Blowin’ in the Wind – A Live Performance by Neil Young
Written by Bob Dylan, though this note concerns Neil Young’s live performance from his 1991 tour, a performance you can see here.
On a frigid night in January 1991, I piled into Madison Square Garden to see and hear Neil Young. After the intermission following the opening act (Sonic Youth), darkness enveloped the crowd. We heard the sounds of machinery and explosions, alarms rang out. We were surrounded by the sounds of war – a reminder that while we sat in that arena a war raged across the world in Kuwait and Iraq. Out of the cacophony came the unmistakable sound of Neil Young’s guitar – thick, muddy, purposeful – playing the simple melody to “Blowing it the Wind.” On the stage, roadies dressed in leftover Star War-movie robes, raised an oversized microphone in an echo of the flag rising over Iwo Jima. The microphone stand wore a huge yellow ribbon.
As if rising from the guitar chords, Neil Young’s voice filled the arena – plaintive and yearning:
How many roads must a man walk down
Before you call him a man?
Yes, ’n’ how many seas must a white dove sail
Before she sleeps in the sand?
Yes, ’n’ how many times must the cannonballs fly
Before they’re forever banned?
The answer, my friend, is blowin’ in the wind
The answer is blowin’ in the wind
For weeks, I had felt so alone in my own country, alienated as my friends and neighbors watched the aerial bombing in the Middle East as if a video game on our TVs. We watched nightly footage of aerial assaults with green-tinted videos tagged with captions identifying what just vanished from the screen. News anchors announced in hushed tones the success of another bombing. The sky lit up with streaks of light and we were told those were Iraqi missiles shot down by U.S. Scud missiles. It all seemed so frightening and overwhelming, yet no one cold dare ask a question. No one could ask “why?” No one could ask if everything we saw and heard was true.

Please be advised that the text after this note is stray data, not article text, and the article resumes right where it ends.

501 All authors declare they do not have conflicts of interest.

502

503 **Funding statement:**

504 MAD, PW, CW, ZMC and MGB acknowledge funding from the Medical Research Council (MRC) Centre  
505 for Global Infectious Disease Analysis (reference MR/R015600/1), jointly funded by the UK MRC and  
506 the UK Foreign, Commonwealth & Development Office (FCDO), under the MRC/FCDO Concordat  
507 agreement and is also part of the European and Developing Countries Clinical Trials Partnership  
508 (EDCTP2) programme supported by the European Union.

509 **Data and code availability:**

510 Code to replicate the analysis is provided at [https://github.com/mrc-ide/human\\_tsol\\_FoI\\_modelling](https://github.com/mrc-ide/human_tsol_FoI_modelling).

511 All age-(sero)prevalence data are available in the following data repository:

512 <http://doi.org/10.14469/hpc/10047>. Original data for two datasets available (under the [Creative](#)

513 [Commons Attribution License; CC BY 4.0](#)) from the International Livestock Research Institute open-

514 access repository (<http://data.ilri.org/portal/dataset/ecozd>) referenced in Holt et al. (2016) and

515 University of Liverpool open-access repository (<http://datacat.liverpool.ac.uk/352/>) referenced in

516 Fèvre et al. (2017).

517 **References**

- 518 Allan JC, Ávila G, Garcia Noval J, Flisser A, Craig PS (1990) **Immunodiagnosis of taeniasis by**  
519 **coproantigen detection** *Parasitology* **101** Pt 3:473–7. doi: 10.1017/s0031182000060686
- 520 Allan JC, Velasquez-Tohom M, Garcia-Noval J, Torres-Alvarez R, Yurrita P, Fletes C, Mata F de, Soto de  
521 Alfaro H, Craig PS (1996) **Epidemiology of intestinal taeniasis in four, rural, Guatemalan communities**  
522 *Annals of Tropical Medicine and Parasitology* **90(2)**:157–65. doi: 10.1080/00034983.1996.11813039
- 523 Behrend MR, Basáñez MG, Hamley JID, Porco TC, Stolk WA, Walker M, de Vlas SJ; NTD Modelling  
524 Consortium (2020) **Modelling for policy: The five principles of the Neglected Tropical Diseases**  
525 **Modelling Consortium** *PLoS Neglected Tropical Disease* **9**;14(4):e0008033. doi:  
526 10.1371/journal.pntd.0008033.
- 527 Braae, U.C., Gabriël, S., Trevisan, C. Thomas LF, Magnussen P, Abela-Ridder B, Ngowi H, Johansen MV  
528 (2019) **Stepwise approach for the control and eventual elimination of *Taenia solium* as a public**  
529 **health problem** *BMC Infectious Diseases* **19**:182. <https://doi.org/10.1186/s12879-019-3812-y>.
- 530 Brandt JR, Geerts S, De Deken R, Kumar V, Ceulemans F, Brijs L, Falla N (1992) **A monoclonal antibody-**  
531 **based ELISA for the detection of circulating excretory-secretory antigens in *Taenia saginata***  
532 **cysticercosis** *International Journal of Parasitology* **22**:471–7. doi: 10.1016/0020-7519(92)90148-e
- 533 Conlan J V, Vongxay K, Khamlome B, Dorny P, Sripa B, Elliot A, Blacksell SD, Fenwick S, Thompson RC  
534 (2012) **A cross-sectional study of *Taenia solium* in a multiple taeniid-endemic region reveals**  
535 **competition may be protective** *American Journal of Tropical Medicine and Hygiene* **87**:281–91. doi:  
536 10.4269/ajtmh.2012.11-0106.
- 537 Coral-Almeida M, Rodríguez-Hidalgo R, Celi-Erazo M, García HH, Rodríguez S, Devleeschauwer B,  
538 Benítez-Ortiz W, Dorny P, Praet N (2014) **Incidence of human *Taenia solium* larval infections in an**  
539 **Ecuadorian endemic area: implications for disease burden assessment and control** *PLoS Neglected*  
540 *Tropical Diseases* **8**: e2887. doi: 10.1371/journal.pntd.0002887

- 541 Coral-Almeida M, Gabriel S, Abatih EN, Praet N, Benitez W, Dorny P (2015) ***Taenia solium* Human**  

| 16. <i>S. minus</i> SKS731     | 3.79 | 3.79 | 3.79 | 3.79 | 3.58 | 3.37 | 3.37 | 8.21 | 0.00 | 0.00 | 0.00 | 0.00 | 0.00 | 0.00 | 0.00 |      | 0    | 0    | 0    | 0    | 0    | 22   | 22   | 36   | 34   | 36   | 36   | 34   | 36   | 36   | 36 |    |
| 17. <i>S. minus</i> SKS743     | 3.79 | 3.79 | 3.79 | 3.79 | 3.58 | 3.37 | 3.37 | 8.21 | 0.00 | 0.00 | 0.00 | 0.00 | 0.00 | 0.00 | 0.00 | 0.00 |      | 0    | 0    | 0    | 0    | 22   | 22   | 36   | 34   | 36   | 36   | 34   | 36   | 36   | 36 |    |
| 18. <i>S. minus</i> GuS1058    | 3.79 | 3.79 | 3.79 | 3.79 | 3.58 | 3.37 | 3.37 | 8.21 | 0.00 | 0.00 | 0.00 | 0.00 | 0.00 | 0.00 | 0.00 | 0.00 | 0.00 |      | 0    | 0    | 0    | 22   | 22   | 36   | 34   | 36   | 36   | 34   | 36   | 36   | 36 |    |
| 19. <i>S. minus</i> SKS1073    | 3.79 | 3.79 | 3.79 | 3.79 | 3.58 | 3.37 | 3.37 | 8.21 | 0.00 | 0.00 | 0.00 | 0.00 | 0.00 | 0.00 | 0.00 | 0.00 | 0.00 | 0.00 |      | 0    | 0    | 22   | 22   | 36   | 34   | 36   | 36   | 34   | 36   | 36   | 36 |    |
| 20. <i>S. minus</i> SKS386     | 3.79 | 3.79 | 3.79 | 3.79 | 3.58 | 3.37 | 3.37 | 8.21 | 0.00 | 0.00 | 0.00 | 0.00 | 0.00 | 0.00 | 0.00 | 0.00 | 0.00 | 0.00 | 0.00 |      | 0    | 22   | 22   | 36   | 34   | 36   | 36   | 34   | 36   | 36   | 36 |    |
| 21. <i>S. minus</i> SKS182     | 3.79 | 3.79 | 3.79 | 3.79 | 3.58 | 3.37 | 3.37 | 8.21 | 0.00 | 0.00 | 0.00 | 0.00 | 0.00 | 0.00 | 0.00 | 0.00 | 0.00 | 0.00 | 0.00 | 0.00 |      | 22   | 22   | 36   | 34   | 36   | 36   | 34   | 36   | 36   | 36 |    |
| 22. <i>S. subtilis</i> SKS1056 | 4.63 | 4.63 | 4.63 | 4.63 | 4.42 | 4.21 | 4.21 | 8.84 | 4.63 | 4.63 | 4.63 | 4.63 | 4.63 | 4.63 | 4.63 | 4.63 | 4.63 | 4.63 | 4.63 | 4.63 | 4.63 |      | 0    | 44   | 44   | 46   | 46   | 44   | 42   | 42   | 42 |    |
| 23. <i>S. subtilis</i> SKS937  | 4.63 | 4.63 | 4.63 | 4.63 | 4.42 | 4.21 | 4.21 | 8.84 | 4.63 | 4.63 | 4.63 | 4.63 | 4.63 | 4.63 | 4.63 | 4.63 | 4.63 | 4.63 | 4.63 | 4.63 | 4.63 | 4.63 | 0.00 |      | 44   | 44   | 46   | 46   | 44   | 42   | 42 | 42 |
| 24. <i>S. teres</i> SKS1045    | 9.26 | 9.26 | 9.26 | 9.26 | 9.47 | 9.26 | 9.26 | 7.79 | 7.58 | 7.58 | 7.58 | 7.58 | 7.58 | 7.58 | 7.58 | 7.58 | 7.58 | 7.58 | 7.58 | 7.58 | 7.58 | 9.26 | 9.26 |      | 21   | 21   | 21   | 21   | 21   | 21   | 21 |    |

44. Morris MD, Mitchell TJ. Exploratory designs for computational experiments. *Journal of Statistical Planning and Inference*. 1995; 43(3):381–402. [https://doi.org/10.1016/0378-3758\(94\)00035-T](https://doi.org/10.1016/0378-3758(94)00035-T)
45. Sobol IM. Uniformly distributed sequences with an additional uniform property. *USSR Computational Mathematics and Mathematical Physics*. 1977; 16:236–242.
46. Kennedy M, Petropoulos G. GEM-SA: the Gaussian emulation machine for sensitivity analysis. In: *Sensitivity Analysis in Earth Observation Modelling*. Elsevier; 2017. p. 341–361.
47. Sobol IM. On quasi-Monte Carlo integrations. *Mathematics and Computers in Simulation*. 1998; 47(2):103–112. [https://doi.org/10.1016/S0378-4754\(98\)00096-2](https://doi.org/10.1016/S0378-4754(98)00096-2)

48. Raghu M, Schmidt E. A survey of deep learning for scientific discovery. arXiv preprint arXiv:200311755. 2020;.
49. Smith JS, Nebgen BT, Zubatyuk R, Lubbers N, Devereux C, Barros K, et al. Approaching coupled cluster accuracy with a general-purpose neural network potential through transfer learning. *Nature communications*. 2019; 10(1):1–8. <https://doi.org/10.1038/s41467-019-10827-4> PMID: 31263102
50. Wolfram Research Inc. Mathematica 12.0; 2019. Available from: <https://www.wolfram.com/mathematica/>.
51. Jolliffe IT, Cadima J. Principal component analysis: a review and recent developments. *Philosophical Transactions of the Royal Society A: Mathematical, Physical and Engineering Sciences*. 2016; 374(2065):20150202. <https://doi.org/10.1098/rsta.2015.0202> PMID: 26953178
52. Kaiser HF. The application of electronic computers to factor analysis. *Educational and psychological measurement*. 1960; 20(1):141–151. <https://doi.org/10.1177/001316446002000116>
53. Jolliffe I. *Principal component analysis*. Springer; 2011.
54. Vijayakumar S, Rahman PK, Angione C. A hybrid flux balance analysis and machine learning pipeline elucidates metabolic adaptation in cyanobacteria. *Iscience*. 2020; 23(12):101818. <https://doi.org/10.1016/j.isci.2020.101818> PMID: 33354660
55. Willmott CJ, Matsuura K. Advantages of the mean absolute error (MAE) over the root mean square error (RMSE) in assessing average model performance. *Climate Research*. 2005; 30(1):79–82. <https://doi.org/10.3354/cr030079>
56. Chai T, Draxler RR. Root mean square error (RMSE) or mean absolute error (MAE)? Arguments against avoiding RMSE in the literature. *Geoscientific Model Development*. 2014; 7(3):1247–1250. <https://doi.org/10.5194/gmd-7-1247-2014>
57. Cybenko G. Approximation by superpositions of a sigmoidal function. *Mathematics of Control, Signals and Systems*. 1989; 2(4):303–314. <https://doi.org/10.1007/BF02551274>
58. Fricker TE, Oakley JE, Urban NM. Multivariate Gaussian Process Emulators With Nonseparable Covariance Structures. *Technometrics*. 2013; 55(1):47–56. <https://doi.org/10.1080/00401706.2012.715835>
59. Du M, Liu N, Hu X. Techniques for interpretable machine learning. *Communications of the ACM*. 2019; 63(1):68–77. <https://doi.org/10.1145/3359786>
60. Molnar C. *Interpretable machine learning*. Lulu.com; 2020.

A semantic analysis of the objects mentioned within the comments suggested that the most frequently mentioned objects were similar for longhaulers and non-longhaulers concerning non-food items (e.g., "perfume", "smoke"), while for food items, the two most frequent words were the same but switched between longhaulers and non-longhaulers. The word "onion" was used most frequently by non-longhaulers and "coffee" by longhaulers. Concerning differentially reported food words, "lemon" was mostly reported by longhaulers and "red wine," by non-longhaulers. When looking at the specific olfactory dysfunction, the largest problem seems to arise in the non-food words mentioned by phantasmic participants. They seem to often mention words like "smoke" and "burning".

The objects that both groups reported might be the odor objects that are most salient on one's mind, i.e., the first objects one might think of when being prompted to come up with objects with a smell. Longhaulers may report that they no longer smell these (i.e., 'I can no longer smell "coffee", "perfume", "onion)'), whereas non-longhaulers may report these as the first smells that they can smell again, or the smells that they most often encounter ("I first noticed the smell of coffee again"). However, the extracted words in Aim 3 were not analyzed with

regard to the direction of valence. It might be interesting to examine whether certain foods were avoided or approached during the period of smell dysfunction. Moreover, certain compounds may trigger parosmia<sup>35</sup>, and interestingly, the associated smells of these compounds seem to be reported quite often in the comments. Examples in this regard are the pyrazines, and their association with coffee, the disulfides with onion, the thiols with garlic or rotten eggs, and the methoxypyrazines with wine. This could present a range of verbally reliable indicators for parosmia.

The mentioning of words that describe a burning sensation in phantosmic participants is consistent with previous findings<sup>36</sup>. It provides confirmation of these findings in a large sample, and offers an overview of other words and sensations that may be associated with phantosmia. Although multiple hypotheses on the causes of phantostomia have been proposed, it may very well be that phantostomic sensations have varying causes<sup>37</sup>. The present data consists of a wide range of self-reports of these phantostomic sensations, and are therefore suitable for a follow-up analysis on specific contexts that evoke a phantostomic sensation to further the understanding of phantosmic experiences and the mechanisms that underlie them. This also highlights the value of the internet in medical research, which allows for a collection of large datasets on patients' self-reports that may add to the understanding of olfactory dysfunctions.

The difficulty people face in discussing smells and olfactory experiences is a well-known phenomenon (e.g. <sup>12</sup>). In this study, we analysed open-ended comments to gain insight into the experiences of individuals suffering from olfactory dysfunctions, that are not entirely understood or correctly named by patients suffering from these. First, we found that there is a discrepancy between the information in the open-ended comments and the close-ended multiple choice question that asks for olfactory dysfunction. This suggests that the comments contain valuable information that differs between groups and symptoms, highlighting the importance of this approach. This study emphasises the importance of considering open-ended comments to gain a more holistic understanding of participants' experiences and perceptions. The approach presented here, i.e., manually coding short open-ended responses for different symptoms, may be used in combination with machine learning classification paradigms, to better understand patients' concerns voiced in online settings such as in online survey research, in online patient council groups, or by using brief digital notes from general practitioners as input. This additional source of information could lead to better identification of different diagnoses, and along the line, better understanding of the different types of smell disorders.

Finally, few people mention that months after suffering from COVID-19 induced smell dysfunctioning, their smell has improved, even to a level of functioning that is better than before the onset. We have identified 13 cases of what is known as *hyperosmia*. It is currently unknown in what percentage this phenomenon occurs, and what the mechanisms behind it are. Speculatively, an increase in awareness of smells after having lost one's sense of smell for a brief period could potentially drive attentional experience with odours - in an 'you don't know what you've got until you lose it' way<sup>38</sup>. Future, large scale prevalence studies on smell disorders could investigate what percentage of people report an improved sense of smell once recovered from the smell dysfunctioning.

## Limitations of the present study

And then came Neil Young, fuzzy guitar and wavering voice bringing a song that had all but stagnated into a museum piece back to life, a song that did nothing but ask questions, a song that made it possible to challenge, to dare. Standing in the darkness, he made it possible to wonder why and that song provided the common text around which 20,000 people could unite and know we were not alone. As the crowd cheered, we did so in appreciation of what the artist had just done for us. We stood in a collective sign of relief and empowerment, no longer alone, but connected in an experience that only certain art can provide.